The Federal Government and many State counterparts know how to spin a good yarn on entrepreneurship being the solution to Nigeria’s unemployment pandemic. There has been no better evidence of the country’s stark reality in the employment stakes than when the government itself shambolically attempted to test over 500,000 job applicants to fill only 4,000 vacancies (less than 1%), resulting in stampedes and deaths.
So, yes, unemployment is a problem. And you would think that governments serious about stimulating private sector job creation would be similarly serious about creating an environment conducive to this. Sadly, starting and running a business in Nigeria remain extremely tough and most of the obstacles to giving it the best shot come from the government and its various agencies.
Granted, it isn’t the fault of the government (well, not directly, anyway) that very little credit is available and so office space, electricity generators, equipment, supplies, etc. all have to be paid for in full prior to commencing business. However, most business people find that once they’re set up, they’re then at the mercy of all sorts of “officials” from State agencies and the local government, demanding all sorts of levies for sundry permits, depending on the nature of business being carried on.
The problem isn’t the permits in and of themselves, as most entrepreneurs I’ve been privileged to advise do want to do business legitimately and in a structured manner. The problem is in the way that these agencies ambush businesspeople. What’s worse, I doubt that there are any consultants who can give you the full list of permits, licenses or approvals required for a business – this advice will come with a caveat. So, how can people starved for cash properly plan their expenditure?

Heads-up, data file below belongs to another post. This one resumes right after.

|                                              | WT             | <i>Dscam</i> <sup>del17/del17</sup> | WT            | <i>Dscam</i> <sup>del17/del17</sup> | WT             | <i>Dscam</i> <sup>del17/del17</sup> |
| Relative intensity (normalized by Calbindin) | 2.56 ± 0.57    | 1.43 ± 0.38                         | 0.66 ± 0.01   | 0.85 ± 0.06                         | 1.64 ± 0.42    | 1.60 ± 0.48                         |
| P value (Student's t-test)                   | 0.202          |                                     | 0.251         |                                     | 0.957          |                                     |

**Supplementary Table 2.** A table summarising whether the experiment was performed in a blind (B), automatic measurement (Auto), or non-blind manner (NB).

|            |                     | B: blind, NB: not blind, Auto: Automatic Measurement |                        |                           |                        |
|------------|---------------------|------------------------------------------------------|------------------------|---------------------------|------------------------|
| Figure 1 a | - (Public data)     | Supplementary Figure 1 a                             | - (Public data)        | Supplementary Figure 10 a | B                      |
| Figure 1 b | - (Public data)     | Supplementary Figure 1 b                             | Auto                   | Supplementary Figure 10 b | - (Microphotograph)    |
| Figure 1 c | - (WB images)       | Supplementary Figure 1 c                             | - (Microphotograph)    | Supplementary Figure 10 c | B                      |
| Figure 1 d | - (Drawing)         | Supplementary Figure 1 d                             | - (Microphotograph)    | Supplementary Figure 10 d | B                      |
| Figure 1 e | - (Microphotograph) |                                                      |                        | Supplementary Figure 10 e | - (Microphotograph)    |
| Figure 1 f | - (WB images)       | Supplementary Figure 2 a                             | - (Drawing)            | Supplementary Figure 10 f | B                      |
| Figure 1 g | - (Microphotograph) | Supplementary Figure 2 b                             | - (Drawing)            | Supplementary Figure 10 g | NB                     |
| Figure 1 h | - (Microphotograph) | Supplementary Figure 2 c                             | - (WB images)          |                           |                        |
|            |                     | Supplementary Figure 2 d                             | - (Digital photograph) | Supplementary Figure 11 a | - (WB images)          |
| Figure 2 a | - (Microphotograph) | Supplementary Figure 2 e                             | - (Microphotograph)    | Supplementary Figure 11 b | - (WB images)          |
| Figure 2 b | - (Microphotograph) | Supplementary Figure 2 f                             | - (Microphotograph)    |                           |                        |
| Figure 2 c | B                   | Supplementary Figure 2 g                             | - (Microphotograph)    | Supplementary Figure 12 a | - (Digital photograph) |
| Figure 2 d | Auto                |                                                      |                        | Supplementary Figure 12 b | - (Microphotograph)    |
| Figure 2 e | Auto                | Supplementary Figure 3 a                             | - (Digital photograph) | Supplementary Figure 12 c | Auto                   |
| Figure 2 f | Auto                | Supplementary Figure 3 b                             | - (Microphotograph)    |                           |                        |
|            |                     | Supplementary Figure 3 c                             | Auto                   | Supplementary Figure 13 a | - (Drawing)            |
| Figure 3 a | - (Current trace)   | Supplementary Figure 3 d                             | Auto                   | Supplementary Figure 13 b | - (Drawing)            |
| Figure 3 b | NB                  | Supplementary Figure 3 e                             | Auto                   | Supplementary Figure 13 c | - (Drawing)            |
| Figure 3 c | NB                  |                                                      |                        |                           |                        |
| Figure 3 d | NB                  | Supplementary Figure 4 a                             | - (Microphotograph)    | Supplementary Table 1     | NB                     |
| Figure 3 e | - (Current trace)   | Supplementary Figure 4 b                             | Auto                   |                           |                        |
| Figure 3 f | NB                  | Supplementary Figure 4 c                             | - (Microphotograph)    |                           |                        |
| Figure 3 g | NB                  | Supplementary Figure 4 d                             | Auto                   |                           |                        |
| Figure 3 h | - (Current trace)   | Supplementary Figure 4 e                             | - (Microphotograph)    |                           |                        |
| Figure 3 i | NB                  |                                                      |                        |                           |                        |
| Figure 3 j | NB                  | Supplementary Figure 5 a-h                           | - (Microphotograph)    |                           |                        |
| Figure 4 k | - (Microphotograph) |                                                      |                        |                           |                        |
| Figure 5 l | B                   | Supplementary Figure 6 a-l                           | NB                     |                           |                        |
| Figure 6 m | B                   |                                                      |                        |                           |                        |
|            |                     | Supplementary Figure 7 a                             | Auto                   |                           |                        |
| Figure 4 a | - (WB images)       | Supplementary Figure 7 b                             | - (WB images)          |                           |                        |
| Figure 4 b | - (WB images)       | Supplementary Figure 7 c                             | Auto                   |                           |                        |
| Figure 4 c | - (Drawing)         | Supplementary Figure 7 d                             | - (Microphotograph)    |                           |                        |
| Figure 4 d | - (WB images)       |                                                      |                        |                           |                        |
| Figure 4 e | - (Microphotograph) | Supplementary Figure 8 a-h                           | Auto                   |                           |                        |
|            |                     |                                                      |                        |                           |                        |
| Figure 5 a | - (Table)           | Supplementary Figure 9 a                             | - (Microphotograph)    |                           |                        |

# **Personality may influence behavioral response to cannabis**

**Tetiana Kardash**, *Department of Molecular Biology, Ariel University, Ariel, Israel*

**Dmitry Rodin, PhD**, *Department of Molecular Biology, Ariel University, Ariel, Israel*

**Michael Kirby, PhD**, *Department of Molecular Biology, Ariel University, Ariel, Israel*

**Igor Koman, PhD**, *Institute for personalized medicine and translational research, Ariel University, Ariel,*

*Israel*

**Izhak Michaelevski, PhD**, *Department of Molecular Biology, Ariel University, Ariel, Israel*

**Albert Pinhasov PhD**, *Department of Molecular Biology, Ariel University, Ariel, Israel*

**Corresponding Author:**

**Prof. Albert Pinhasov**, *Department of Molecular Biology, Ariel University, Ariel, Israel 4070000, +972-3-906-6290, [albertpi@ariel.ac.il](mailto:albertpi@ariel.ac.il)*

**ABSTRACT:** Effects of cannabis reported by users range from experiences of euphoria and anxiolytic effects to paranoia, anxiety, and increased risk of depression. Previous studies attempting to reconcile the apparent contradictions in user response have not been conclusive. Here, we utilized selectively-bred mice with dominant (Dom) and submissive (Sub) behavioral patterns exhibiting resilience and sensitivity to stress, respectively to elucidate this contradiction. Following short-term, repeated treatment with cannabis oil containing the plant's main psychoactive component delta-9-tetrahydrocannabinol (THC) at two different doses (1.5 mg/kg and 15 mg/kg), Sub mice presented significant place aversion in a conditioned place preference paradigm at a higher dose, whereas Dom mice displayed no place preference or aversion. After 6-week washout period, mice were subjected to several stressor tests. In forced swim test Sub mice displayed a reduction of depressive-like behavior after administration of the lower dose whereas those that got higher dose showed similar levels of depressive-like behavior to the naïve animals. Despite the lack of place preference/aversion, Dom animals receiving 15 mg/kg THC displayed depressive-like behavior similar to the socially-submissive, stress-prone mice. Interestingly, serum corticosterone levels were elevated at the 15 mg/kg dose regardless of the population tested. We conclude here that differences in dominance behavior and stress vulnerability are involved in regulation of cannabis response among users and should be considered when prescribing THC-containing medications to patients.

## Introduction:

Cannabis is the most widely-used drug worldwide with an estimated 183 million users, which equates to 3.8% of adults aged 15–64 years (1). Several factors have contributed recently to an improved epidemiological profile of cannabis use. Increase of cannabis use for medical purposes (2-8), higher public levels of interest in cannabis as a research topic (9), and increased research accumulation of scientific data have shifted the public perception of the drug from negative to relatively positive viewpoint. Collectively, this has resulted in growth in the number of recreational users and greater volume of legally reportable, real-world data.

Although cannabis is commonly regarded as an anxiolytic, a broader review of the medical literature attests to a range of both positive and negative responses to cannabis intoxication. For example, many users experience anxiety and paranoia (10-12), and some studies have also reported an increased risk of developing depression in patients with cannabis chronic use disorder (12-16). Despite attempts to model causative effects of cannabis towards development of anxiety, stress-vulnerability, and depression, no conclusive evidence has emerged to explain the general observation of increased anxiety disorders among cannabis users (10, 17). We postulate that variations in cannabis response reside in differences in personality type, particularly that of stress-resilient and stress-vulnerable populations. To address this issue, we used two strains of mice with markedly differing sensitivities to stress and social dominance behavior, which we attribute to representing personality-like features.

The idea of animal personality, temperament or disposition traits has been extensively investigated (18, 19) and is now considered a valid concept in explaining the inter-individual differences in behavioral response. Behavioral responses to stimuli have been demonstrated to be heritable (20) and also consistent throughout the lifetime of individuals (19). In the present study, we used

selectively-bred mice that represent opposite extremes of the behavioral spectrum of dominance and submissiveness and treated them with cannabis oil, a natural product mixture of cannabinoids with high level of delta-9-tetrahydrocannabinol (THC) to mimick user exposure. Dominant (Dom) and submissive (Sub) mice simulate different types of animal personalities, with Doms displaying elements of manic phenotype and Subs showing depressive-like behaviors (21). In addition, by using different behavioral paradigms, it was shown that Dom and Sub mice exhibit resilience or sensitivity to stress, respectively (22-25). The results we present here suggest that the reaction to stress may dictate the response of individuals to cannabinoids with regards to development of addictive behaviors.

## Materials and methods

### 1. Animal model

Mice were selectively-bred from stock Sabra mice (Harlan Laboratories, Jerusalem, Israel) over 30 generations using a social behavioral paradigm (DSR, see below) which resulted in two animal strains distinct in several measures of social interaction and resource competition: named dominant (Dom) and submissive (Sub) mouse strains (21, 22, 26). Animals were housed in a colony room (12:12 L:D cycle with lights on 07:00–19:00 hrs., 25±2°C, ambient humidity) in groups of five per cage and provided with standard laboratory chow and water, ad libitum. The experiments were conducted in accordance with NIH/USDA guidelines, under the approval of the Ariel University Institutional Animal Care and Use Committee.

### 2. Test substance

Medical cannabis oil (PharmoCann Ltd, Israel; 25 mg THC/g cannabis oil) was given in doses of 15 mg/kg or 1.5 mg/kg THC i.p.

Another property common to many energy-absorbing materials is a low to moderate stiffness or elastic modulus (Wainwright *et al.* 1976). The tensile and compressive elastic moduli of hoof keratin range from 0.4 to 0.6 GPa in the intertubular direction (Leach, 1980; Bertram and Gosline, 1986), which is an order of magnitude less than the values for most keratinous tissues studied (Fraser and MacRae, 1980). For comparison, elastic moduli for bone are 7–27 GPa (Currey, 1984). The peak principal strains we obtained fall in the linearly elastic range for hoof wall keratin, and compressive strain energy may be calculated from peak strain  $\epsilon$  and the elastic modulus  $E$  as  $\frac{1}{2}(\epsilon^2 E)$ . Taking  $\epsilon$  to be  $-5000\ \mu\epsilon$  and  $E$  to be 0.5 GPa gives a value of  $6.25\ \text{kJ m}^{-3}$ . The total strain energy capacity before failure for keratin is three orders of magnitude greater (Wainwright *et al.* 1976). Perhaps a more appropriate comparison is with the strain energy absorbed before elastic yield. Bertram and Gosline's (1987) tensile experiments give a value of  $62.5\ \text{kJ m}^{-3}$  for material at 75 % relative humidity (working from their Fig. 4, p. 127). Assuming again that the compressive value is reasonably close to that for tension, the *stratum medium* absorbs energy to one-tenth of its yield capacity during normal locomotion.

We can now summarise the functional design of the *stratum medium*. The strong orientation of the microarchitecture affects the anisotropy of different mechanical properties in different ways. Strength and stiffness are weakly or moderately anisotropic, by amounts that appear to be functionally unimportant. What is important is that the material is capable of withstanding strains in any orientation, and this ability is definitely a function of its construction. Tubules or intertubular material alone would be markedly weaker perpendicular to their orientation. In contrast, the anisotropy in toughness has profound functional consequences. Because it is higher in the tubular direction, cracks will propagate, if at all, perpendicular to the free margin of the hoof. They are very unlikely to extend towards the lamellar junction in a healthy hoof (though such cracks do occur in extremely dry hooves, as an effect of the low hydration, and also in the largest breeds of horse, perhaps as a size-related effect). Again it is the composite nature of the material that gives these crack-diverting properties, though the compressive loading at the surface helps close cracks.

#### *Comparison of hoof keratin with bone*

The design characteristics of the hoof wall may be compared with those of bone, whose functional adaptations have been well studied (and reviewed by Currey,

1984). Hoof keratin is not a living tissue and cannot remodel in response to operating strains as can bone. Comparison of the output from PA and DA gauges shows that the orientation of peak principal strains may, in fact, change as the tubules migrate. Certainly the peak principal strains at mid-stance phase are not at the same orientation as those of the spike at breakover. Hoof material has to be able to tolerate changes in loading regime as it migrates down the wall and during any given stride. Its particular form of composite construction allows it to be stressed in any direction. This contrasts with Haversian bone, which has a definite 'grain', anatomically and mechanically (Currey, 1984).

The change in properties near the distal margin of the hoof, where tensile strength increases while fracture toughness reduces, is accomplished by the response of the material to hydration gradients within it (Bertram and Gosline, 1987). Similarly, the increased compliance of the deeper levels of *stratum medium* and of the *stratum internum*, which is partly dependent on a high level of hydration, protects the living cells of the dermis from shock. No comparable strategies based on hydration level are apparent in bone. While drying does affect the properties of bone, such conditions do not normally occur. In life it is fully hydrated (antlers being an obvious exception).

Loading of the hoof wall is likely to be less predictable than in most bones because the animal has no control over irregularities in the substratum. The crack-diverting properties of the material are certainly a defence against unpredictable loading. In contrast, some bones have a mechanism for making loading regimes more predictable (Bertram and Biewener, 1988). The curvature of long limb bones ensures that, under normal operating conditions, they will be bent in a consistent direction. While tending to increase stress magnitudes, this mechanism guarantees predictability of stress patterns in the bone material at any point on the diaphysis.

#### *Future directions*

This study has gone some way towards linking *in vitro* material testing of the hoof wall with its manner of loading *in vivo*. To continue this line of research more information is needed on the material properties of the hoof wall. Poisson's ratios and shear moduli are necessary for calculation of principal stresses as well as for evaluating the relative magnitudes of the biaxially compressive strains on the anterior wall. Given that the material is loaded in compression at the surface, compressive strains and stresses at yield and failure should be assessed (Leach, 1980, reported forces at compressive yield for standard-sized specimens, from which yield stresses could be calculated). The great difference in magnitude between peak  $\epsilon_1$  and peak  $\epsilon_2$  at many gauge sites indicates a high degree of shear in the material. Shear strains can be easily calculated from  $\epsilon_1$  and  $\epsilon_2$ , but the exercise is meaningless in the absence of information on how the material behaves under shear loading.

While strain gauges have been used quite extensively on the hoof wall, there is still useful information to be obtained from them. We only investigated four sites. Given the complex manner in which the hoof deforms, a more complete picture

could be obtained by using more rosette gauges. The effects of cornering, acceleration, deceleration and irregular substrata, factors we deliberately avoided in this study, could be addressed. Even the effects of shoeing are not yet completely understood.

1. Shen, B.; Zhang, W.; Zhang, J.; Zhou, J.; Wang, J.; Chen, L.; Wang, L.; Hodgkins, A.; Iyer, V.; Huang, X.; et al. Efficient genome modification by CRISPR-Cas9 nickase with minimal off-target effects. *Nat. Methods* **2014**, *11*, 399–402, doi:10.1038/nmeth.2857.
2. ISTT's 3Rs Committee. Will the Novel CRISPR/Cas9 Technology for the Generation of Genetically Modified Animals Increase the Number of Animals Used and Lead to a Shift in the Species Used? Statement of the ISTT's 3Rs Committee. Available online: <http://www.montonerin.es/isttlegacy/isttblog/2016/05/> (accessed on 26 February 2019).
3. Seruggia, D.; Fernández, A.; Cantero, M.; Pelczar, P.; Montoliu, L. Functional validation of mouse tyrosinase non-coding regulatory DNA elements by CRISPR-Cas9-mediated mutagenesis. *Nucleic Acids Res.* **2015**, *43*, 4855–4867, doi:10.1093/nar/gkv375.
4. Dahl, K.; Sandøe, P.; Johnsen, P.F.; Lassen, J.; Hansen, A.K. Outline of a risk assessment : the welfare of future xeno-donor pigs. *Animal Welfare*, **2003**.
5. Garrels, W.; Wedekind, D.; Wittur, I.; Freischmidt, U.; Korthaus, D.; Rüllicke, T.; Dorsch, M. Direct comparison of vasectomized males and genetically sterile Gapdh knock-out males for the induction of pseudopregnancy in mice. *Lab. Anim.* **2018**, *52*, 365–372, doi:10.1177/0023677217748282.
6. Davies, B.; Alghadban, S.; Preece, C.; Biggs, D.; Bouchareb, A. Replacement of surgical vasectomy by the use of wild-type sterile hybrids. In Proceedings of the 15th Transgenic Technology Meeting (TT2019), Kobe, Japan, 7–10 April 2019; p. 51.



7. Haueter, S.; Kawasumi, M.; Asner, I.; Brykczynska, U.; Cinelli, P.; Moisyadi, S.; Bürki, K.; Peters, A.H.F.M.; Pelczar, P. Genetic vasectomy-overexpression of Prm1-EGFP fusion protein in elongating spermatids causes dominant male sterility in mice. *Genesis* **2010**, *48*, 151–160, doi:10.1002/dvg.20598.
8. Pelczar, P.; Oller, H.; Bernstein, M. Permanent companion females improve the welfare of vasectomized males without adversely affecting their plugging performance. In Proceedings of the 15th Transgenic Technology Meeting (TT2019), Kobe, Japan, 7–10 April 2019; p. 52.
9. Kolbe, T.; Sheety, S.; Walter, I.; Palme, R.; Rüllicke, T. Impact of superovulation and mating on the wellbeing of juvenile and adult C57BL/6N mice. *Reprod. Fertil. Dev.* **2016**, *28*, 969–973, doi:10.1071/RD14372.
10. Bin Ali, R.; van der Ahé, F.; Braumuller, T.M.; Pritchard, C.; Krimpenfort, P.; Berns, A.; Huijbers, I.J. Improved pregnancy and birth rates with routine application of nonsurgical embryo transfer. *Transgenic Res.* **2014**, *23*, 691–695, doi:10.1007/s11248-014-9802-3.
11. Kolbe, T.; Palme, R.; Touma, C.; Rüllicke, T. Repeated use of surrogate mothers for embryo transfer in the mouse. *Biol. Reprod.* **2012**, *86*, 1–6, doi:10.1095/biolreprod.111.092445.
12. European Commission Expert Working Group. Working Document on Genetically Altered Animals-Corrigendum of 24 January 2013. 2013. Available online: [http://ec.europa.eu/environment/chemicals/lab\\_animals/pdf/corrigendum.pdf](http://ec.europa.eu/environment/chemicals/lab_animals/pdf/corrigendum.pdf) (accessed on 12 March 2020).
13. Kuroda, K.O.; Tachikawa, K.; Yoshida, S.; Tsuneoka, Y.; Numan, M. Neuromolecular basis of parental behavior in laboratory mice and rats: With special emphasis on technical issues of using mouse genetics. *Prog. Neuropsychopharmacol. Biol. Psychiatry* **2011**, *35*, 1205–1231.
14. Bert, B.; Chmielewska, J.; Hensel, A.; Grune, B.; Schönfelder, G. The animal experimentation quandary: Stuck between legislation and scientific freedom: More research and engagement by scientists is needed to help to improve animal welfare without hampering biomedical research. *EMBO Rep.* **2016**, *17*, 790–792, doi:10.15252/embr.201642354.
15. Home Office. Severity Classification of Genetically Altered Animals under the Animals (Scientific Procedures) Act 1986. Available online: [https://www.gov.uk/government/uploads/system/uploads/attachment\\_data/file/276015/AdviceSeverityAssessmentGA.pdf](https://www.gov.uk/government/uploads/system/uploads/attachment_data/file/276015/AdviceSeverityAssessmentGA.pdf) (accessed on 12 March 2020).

My proposed solution is for the government to simplify this process. I realise this is antithetical to current practices of making approvals as tortuous as possible (in order to extract as much “extra” from the public as possible) but we surely cannot continue this way. My proposal for simplification is similar to the Federal Government’s One Stop Investment Centre (which hasn’t really worked out, by the way, but a noble idea).
The idea behind OSIC was to create one office where investors could go to for all the permits required to carry on business in Nigeria. Great idea, but key agencies like customs and immigrations have remained very tribal (who would blame them, given how much, for example, expatriate quotas cost) and “one stop” hasn’t really been one stop.
A state OSIC would be a great idea too though, especially if the State Government secured (or coerced) the buy-in of Local Governments too. One place for every single permit your business needs, with a pact from the government that no one would be harassed over any permit or levy not issued or collected at its OSIC. In addition to that, serious states (I’m talking to you, Ogun State) have to dismantle road blocks where local governments demand that motorists buy radio licences to be able to drive through the local government. It isn’t only illegal, it is patently stupid. Same as with requiring trucks and articulated vehicles to obtain permits for each local government they intend to drive through. This currently affects only loggers and the like but when e-commerce begins to require larger delivery vehicles to maximise efficiency, it simply won’t be workable.
In the World Bank’s annual “Doing Business” report for 2014, Nigeria ranks 122 out of 189 in ease of doing business. In 2013, our rank was 114, so it appears doing business has become tougher over the past year. You can see the report for yourselves here (and here for the overall rankings). It is no coincidence that the countries where doing business is easiest are amongst the world’s most prosperous.
We have only 6 years to go until 2020, when the government says it plans to break into the elite group of the world’s Top 20 economies.